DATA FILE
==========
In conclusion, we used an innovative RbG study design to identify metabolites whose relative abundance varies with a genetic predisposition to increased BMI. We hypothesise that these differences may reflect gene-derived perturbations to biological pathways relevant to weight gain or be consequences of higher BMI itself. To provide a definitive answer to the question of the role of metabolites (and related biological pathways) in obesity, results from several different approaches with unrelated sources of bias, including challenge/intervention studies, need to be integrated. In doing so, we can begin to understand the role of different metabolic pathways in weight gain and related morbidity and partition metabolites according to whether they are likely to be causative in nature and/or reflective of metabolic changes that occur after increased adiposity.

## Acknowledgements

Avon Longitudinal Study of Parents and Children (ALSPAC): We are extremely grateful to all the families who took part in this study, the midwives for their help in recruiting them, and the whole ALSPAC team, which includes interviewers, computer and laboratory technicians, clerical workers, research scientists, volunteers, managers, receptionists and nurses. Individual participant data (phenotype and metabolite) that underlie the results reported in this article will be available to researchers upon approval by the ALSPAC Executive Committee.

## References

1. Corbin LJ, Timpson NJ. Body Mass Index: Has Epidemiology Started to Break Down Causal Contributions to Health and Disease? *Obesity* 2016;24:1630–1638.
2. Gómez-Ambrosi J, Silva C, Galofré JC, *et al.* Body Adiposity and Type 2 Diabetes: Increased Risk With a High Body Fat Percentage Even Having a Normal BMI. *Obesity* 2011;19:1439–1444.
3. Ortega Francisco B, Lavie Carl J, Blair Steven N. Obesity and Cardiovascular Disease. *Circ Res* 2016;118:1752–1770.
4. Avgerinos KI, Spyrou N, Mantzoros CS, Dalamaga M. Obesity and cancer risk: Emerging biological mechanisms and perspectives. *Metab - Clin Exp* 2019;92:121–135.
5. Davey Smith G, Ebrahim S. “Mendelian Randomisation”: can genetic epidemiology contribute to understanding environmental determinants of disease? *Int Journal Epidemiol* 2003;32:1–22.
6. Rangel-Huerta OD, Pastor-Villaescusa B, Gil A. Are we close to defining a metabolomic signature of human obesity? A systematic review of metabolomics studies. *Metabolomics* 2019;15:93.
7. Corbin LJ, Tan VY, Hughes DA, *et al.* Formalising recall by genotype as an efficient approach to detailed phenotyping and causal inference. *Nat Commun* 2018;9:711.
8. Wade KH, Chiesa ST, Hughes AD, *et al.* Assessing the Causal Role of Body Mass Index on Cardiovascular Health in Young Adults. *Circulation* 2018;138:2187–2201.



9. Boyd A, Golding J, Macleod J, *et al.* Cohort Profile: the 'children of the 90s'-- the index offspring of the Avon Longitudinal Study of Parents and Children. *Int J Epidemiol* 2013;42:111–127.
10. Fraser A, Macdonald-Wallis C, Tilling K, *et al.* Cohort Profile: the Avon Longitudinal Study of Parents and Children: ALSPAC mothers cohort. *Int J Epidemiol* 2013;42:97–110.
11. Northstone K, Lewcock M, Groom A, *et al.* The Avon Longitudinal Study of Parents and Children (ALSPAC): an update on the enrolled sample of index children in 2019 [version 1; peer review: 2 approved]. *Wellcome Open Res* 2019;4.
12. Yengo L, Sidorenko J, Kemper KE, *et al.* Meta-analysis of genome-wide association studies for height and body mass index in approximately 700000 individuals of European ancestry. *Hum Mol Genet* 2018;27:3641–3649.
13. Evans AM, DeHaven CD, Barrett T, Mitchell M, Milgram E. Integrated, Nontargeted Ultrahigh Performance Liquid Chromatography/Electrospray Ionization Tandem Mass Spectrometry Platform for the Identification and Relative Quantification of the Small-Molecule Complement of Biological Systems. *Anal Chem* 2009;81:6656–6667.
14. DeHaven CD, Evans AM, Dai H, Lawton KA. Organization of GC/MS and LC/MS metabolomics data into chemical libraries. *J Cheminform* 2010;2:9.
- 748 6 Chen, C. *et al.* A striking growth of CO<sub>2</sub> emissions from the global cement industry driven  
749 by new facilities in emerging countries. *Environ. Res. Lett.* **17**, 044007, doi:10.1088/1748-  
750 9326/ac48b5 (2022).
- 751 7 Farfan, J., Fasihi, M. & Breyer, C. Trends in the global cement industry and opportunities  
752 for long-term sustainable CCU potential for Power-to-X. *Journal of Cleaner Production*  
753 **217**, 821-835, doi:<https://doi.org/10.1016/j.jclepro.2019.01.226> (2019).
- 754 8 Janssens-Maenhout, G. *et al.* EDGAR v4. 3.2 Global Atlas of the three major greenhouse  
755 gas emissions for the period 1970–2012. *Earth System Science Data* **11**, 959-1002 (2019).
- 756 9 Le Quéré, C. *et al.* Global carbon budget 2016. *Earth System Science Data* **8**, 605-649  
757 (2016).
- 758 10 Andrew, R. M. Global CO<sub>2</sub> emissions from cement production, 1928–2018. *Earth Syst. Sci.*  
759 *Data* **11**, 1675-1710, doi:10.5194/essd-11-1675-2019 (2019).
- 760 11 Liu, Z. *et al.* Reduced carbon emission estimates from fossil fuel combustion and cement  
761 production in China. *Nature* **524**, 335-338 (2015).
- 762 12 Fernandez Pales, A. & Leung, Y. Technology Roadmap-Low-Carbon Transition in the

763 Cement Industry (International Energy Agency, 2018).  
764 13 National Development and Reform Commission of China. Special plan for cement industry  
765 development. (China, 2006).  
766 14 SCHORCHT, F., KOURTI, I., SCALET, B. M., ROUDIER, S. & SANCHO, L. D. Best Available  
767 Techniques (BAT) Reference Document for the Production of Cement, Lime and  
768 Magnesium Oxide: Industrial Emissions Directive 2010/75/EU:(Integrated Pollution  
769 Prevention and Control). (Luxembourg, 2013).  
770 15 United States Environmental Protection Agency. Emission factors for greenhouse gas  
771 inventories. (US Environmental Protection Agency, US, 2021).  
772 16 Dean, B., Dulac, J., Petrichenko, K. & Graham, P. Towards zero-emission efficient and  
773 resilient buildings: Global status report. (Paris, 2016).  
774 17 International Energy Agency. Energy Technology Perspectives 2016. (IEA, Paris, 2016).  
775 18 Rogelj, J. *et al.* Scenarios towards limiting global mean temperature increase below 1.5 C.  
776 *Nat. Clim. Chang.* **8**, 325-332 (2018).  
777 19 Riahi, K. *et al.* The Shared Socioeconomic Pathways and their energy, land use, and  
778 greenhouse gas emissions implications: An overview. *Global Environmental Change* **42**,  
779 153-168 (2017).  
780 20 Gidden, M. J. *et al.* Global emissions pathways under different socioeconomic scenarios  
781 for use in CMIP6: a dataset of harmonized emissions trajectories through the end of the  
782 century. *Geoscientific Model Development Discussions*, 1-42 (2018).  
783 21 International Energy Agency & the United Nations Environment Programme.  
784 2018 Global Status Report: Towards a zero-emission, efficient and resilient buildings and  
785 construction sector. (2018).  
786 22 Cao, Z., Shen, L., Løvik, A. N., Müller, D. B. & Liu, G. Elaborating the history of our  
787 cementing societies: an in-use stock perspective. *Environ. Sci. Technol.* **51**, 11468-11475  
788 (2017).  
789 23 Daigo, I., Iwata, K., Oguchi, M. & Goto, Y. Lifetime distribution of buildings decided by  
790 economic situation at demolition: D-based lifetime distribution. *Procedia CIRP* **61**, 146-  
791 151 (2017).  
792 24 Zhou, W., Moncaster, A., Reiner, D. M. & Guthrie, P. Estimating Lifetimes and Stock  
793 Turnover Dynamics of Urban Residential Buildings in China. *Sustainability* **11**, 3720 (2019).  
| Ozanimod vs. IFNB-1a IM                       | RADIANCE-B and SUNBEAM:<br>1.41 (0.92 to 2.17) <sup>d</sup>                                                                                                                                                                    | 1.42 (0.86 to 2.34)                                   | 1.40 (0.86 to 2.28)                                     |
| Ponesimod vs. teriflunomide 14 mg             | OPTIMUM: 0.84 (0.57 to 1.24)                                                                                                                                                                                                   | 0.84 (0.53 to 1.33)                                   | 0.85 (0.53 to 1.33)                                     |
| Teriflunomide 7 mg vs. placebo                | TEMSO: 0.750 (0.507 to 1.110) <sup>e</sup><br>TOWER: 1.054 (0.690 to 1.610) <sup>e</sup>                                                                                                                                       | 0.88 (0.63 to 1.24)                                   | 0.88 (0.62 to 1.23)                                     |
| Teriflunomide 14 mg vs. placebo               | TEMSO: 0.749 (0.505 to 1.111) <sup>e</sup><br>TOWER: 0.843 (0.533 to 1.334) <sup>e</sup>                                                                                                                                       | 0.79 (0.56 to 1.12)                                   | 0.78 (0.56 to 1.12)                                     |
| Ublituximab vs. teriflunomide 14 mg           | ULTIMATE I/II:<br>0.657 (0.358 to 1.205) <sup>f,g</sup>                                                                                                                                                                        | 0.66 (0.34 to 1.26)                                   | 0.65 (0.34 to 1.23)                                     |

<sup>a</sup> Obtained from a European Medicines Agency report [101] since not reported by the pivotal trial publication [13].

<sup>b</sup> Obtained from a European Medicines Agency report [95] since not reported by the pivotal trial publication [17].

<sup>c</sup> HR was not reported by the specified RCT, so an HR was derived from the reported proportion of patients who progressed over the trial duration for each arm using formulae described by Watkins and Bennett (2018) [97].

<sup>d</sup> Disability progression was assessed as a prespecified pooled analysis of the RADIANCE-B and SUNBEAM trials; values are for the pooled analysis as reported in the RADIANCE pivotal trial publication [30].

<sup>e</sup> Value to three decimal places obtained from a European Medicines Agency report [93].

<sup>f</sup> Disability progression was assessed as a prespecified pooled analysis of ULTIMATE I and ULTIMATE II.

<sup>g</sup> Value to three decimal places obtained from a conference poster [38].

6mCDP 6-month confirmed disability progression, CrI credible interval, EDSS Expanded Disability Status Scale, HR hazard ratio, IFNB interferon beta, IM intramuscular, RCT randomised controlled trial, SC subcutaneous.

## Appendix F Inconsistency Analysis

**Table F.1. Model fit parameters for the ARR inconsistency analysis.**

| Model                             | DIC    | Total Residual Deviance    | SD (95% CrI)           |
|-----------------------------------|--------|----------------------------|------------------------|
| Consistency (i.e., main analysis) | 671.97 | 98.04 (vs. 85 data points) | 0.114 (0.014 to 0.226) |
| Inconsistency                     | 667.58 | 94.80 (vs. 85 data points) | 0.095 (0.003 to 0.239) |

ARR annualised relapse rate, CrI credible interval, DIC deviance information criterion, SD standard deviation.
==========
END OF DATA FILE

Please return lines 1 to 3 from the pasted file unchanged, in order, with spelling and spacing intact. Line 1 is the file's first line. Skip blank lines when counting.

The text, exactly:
In conclusion, we used an innovative RbG study design to identify metabolites whose relative abundance varies with a genetic predisposition to increased BMI. We hypothesise that these differences may reflect gene-derived perturbations to biological pathways relevant to weight gain or be consequences of higher BMI itself. To provide a definitive answer to the question of the role of metabolites (and related biological pathways) in obesity, results from several different approaches with unrelated sources of bias, including challenge/intervention studies, need to be integrated. In doing so, we can begin to understand the role of different metabolic pathways in weight gain and related morbidity and partition metabolites according to whether they are likely to be causative in nature and/or reflective of metabolic changes that occur after increased adiposity.

## Acknowledgements

Avon Longitudinal Study of Parents and Children (ALSPAC): We are extremely grateful to all the families who took part in this study, the midwives for their help in recruiting them, and the whole ALSPAC team, which includes interviewers, computer and laboratory technicians, clerical workers, research scientists, volunteers, managers, receptionists and nurses. Individual participant data (phenotype and metabolite) that underlie the results reported in this article will be available to researchers upon approval by the ALSPAC Executive Committee.